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Dictionary definition sparks global culture clash

The Cambridge English Dictionary has hit the global headlines by adding an extra meaning to the definition of both man and woman to show how the word is currently used. 

The main definition of woman, for example, remains ‘an adult female’. An additional, more inclusive definition, was added in October: ‘an adult who lives and identifies as female despite having been said to have a different sex at birth’.

The story broke in November when the UK’s Telegraph, long the main voice of Conservative Britain, published an article headlined, ‘Cambridge Dictionary alters the definition of man and woman’, and the culture warriors  were off to do battle with the lexicographers, as Fox News, The Washington Post and Spain’s EL Pais all took sides. 

On social media the story took on a life of its own, forcing Reuters to issue a fact check confirming that the definition ‘adult female’ had not been removed. 

A  spokesperson for Cambridge University Press and Assessment told The Telegraph, “Our editors made this addition to the entry for women in October. They carefully studied usage patterns of the word woman and concluded that this definition is one that learners of English should be aware of to support their understanding of how the language is used”.  

Which may be fine as long as the learner in question can decode the meaning of the complex verb phrase ‘despite having been said to have’ in order to understand the definition in the first place.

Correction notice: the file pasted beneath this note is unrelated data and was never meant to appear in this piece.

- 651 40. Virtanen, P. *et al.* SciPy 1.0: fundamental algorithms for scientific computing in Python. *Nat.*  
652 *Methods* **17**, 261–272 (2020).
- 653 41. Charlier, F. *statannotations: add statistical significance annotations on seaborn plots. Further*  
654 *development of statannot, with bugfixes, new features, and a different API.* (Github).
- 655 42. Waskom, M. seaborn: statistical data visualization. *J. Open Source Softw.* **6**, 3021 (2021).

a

Our favourite version of the story came from the BBC’s West African Pidgin Service, which states: ‘Di dictionary expand di definition of “woman” to include any pesin wey ‘identify imsef as female’.” 

Before  the culture warriors  go berserk , we should point out  that in Pidgin, the pronouns ‘im’ and ‘imsef’ are gender neutral and mean not only him/himself, but also her/herself and it/itself.

How woke is that?

In case you’re wondering how Pidgin deals with the ponderous phrase ‘despite having been said to have a different sex when they were born’,  the BBC’s West African Pidgin Service goes for the much more jolly translation, ‘pipo wey bin get “different sex wen dem born dem”. 

 

 

 

Image courtesy of Jill Wellington from Pixabay
Melanie Butler
Melanie Butler
Melanie started teaching EFL in Iran in 1975. She worked for the BBC World Service, Pearson/Longman and MET magazine before taking over at the Gazette in 1987 and also launching Study Travel magazine. Educated in ten schools in seven countries, she speaks fluent French and Spanish and rather rusty Italian.
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